“The multiple albums that are found in the sacristy of the church of Limpias contain well over 8,000 testimonies of people who had seen the wonderful apparitions. Of these, 2,500 were sworn on oath. Among these witnesses were members of religious orders, priests, doctors, lawyers, professors, and governors of universities, officers, merchants, workmen, country folk, unbelievers and even atheists.”

What is the Point?

I am not trying to produce some kind of direct evidence to prove to the readers the truth of all these reports of preternatural or supernatural events described above. Rather, my focus is on the difference in the reaction of believers and non-believers to these reports.

Many believers are not familiar with all these reported “miraculous” events, but on hearing of them, tend to believe, especially when they realize that such reports have recurred often though history. But, why is there such natural sympathy on the part of believers, especially Catholics?

And why do non-believers express instant skepticism by offering various rationales for dismissing the credibility of such reports? Is it merely pure prejudice, as G.K. Chesterton seems to suggest?

“If we say miracles are theoretically possible, they say, “Yes, but there is no evidence for them.” When we take all the records of the human race and say, “Here is your evidence,” they say, “But these people were superstitious, they believed in impossible things.”

In fairness, I suggest that the Catholic mentality about such accounts of religious prodigies is received with greater acceptance for the simple reason that Catholics understand the nature of the Catholic faith. Now, what I just said is easily misunderstood, since I am not saying that belief in these reports is simply a matter of blind faith. On the contrary, there is a rational process going on here – but one that would, doubtless, not sound equally rational to the skeptic, agnostic, atheist, or unbeliever.

For Catholics, the persons offering these reports are seen to be very holy people for the most part -- indeed, saints! As such, it is expected that they will tell the truth. It is essentially as simple as that.

Moreover, all Catholics know that to tell a deliberate lie in a serious matter -- such as falsely claiming a miracle – is a mortal sin and matter for Confession. That hundreds of committed Catholics would tell such lies separately, and yet, en masse is a moral impossibility. While those who are not practicing Catholics may not understand this simple truth, those who are practicing Catholics will easily see that such uncoordinated mass deception over many centuries could never occur.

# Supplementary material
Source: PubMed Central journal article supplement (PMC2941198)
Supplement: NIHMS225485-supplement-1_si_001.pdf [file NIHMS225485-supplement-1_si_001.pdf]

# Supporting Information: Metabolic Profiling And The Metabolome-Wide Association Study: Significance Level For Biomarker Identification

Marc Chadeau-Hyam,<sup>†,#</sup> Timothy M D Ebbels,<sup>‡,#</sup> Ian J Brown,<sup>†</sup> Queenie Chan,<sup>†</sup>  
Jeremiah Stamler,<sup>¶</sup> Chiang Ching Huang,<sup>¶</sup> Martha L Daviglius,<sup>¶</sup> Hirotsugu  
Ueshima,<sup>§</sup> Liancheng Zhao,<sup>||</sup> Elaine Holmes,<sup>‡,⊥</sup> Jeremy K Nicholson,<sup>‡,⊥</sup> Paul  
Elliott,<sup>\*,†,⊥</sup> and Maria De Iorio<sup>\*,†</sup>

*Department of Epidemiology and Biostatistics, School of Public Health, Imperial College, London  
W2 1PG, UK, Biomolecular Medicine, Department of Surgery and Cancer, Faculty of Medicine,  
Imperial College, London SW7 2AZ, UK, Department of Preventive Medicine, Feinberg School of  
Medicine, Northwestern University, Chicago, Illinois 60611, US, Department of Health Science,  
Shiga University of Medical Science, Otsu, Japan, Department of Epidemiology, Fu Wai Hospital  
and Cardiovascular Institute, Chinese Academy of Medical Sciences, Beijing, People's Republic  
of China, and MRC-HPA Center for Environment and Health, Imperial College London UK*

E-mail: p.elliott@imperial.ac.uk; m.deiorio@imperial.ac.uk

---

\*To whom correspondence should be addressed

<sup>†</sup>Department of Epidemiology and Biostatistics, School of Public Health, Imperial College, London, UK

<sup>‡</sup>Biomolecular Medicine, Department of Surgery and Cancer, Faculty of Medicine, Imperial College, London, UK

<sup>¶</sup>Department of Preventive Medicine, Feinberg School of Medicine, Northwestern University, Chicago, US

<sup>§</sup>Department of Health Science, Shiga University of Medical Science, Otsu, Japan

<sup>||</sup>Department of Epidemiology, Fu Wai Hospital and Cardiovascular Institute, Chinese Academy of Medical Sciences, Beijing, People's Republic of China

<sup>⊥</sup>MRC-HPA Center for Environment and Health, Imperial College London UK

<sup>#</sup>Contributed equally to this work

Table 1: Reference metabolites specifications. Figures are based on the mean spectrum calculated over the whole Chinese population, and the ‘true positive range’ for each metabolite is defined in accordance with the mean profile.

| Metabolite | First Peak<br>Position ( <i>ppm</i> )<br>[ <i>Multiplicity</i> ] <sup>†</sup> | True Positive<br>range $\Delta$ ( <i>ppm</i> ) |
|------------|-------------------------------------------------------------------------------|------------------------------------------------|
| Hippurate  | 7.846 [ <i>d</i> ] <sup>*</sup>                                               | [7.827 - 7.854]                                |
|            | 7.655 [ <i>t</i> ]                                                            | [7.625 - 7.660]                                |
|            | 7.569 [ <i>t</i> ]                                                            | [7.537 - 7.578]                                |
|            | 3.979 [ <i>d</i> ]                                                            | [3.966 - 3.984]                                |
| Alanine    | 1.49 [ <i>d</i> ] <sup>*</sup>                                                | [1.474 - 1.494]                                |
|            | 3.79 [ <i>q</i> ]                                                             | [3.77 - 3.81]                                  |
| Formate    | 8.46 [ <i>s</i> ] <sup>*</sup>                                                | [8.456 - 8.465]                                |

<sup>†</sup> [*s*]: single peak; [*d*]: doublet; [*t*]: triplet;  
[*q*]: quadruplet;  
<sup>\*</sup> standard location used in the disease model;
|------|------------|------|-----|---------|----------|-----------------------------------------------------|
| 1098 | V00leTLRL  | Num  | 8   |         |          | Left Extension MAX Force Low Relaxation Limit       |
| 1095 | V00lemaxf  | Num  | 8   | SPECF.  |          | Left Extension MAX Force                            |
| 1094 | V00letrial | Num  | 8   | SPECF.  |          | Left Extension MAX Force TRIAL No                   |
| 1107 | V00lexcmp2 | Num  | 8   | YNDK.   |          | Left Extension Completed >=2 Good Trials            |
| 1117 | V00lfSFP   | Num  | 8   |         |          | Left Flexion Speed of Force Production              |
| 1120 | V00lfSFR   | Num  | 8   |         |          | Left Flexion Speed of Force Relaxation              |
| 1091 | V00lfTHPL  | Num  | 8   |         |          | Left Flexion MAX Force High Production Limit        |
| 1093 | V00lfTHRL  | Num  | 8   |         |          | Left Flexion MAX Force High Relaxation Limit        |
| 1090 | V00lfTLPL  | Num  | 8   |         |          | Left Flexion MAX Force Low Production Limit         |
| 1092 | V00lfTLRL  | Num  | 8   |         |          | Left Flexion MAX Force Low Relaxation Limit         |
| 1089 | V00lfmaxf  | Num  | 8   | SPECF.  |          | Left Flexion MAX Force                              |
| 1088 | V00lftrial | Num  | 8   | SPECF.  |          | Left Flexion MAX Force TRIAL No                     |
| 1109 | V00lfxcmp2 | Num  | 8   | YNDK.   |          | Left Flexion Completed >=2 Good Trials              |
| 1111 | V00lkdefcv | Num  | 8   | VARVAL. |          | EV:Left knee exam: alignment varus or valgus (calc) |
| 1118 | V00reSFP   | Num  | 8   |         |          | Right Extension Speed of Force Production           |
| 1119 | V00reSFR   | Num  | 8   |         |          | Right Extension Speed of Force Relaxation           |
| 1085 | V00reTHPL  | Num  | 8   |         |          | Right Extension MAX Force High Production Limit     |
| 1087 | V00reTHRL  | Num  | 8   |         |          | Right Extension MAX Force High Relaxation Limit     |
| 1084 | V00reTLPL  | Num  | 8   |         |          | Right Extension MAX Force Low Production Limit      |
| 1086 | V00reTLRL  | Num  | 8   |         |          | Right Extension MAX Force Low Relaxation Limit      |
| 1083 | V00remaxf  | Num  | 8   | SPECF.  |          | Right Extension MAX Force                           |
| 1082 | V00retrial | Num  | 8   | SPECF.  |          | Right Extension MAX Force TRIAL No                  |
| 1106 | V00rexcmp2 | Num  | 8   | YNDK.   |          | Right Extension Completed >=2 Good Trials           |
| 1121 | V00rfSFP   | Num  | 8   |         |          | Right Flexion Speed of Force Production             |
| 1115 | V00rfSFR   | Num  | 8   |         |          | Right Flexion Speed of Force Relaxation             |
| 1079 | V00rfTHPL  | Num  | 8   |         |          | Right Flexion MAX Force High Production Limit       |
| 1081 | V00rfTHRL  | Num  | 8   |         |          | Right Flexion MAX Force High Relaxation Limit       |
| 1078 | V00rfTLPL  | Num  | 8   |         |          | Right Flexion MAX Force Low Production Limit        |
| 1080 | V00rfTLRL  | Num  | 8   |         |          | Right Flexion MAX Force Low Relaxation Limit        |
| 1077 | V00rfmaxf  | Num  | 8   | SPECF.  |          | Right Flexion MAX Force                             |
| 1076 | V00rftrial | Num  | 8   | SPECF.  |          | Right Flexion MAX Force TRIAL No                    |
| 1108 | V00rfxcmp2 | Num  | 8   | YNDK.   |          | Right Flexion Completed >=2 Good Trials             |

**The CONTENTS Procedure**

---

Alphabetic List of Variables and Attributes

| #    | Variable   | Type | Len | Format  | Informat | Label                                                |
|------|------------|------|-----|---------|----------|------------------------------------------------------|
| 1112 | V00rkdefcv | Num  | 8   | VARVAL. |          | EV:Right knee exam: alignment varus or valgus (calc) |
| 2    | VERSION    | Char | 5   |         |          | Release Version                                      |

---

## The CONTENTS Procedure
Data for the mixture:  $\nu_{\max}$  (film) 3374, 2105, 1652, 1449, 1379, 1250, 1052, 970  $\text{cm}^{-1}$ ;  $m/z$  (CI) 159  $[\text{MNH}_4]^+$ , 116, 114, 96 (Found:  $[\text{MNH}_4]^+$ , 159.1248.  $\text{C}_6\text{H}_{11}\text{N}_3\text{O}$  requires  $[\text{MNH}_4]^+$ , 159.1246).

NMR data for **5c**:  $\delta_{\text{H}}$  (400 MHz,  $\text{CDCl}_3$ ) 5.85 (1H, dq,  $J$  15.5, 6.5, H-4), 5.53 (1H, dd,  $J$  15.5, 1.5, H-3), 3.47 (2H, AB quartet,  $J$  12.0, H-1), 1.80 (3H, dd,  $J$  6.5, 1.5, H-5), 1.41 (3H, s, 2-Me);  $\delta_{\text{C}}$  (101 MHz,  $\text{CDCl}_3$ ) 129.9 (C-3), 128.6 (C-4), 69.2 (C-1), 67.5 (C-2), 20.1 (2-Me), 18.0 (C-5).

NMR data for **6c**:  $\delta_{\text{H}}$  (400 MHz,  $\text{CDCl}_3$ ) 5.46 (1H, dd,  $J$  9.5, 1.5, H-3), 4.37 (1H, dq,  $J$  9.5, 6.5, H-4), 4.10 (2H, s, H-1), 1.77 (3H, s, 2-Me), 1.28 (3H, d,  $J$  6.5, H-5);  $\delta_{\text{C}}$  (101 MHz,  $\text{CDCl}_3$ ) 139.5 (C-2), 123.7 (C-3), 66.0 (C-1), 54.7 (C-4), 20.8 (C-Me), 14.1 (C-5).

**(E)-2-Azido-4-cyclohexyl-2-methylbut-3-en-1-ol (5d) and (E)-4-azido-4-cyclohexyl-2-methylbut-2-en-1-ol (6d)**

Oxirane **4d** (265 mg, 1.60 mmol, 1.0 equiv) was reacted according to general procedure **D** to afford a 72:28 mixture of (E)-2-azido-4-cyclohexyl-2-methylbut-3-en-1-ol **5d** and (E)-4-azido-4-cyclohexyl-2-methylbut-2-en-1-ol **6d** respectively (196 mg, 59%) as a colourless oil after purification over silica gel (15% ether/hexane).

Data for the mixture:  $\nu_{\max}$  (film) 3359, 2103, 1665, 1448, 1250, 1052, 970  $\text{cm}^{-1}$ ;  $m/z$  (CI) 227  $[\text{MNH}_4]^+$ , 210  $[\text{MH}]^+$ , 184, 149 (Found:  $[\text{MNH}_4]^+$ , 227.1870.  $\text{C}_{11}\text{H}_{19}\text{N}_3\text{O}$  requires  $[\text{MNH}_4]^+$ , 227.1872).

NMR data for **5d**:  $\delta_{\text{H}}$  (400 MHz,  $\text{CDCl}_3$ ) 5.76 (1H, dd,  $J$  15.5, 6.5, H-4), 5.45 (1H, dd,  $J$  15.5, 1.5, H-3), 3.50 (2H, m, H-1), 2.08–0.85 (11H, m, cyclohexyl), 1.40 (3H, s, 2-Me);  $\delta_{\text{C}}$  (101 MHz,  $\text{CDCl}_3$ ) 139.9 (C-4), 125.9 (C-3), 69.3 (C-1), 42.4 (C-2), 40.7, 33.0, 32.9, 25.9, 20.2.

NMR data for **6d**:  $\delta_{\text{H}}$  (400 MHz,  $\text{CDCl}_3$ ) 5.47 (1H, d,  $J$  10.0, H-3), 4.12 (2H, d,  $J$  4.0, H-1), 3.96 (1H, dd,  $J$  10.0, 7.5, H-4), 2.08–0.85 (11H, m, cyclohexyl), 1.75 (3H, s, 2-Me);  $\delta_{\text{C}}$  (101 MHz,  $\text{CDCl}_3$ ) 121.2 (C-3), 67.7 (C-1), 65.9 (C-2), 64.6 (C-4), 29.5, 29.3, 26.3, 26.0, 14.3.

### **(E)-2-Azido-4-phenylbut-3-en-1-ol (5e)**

Oh yes, some will allege that the witnesses affirming these reports might be hallucinating, mentally obsessed or even psychotic, suffering delusions, or otherwise incapacitated from having normal observational objectivity. The difficulty with those sorts of explanations is the great number of such witnesses and the even greater number of such reports. A few cases may be explained in this skeptical fashion, but surely not in such vast numbers. Moreover, the psychological stability of those witnesses later declared as saints have withstood the careful evaluations of the canonization process.

Even a single authentic report of an apparition or miracle is sufficient to establish beyond question an entire order of reality generally rejected out of hand by skeptics. Unfortunately, for the skeptic, his corresponding task is to refute every single report – a task obviously impossible on its face. Even for the more nuanced position of naturalism, a single authentically-supernatural event (miracle) would constitute absolute refutation.

On the other hand, to the skeptic or agnostic, the entire order of such claims is instantly suspect, since they are not first attending to the standard of holiness and/or veracity demanded of the consciences of ordinary Catholics, say nothing of saints! Rather, what impresses their view is the seeming absurdity or impossibility of the claims themselves – claims which, on their very face, seem to demand incredulity.

Paradoxically, the very practice of his own faith enables the believer to see with conviction the essential truthfulness of all this devout witness testimony – something that is inherently obscure or unbelievable to the skeptic. St. Anselm of Canterbury’s insight, which reveals the inherent connection between true faith and rational intelligibility, now becomes clearly evident: Credo ut intelligam. I believe in order that I may understand.